Nearly one in four Americans have some type of criminal record. Whether it is a misdemeanor arrest for a youthful indiscretion or a more serious felony offense, any type of criminal record can hurt job seekers in their search for employment.
California law provides multiple types of protections for job seekers with a criminal past. These rules assume that past indiscretions should not keep a person from earning a living, and help reduce discrimination against people who may have made some mistakes in their lives.
While employers are allowed to conduct background checks on applicants and ask questions about certain kinds of arrests or convictions, the amount of information that employers can seek out and the types of information which can be used against an applicant is limited by California law.
For instance, applicants cannot be asked about arrests which never resulted in a conviction, arrests which resulted in an acquittal, or arrests that were channeled through pre- or post-trial diversion programs. If the employer finds this type of information through a criminal background check, the employer is prohibited from seeking out additional information about the arrest or using that arrest against the applicant.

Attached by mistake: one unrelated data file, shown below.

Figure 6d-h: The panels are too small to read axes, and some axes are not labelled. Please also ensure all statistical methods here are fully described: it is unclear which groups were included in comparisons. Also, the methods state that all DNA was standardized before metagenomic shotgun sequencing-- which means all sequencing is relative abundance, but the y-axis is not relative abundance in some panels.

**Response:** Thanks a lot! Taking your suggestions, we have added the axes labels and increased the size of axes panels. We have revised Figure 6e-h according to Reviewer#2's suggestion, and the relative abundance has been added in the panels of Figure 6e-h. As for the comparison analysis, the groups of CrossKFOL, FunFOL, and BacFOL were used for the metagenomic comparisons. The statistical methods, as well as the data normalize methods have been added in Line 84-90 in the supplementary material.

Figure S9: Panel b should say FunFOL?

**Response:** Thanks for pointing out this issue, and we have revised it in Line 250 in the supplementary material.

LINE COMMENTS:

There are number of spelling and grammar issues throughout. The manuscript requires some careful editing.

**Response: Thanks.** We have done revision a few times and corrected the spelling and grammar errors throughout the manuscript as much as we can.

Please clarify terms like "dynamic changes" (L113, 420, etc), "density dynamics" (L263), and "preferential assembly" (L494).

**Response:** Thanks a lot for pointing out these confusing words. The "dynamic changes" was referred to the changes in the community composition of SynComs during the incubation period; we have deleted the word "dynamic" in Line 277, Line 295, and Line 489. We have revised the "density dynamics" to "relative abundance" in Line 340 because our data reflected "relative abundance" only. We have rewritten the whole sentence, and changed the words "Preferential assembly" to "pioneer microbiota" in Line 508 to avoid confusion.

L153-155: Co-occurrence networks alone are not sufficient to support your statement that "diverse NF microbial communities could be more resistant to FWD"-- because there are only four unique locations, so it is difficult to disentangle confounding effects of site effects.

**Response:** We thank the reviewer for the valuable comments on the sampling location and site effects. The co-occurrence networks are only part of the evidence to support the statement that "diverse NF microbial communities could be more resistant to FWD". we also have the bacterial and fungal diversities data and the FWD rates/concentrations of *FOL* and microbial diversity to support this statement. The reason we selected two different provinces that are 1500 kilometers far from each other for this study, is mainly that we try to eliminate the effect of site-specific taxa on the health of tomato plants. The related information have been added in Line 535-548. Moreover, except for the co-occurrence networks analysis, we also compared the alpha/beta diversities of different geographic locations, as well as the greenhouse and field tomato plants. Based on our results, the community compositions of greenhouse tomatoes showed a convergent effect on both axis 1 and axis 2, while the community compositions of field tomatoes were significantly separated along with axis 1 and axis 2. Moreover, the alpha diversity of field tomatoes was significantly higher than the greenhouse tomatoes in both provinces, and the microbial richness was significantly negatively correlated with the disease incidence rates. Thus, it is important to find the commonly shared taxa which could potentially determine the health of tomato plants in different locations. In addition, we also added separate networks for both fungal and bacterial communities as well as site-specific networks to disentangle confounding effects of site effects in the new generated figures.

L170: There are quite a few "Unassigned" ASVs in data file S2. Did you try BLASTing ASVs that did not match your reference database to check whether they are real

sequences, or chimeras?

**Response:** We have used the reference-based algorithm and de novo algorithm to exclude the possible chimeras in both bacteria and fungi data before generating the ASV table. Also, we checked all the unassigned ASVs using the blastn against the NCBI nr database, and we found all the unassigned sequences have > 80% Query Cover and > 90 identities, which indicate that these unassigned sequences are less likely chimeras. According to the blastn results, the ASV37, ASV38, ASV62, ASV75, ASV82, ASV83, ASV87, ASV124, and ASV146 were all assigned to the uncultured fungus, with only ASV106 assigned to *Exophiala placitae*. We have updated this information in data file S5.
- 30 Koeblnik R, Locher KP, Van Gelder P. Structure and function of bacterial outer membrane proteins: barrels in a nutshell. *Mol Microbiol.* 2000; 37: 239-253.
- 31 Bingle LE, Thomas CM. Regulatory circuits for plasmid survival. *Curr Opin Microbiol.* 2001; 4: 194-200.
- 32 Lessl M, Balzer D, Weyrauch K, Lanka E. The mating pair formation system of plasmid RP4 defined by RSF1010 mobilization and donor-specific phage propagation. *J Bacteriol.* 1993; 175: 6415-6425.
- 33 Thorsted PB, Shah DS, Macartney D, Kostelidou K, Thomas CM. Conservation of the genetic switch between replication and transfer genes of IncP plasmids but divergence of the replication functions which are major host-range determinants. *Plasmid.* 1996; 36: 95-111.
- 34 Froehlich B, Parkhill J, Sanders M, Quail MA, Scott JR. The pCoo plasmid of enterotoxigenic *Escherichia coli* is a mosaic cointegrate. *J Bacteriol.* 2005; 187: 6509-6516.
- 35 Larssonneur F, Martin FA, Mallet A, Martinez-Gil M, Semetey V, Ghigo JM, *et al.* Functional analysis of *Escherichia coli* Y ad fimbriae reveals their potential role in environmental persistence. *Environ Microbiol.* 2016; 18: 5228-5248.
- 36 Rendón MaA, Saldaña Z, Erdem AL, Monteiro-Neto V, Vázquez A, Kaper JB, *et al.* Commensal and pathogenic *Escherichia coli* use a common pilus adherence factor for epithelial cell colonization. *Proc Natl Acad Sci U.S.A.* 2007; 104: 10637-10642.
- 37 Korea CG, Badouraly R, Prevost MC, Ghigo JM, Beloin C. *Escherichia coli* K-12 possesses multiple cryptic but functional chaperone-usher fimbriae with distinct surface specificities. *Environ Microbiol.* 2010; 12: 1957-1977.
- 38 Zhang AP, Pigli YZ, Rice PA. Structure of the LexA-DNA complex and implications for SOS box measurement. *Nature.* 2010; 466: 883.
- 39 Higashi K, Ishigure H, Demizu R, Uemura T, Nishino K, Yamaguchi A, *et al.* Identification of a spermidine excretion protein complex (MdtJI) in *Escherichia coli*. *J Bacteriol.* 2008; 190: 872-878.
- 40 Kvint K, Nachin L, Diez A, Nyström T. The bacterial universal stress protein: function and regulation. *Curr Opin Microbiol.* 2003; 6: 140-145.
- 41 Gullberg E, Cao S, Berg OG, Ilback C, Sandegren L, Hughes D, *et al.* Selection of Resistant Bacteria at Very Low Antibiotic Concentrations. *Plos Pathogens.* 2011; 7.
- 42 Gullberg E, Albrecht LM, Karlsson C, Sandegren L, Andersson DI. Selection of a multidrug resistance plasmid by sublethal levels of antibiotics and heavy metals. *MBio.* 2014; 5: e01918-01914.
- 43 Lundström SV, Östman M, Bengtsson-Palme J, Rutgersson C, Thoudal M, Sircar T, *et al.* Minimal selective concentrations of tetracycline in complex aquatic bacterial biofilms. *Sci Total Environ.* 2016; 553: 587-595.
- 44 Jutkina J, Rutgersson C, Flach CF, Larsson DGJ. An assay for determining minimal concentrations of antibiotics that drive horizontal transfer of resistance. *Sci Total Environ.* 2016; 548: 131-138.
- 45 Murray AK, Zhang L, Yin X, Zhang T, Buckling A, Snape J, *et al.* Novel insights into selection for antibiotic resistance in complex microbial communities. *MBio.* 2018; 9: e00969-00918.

Additionally, employers cannot request information about convictions which were sealed, expunged, or nullified by statute. For example, some older marijuana convictions are off-limits because the laws regarding the drug have changed dramatically. However, employers are allowed to require applicants to disclose information about arrests which have not yet been resolved, like those that are still awaiting trial.
If an employer wants to conduct a background check, then the employer will need to get that applicant’s permission. Additionally, the employer will need to give the applicant a copy of the report and inform the applicant if the information in the background check will disqualify him or her from employment. California employers who run their own background checks must inform their employees every time that they conduct a check, even after employment.
It can be difficult to tell if a prospective employer discriminated against you in the hiring process because of a past arrest, or if the employer simply chose another candidate. If something feels off in your interview, take notes about the questions your interviewer asked as well as any comments or behaviors that felt wrong. If an employer says something to make you think that your job application will not be considered because of your criminal record or because of your age, race, gender, or some other protected characteristic, then you may be able to file a claim against that employer. Contact us today to speak with a discrimination attorney in San Francisco today.
Sacramento, CA 95821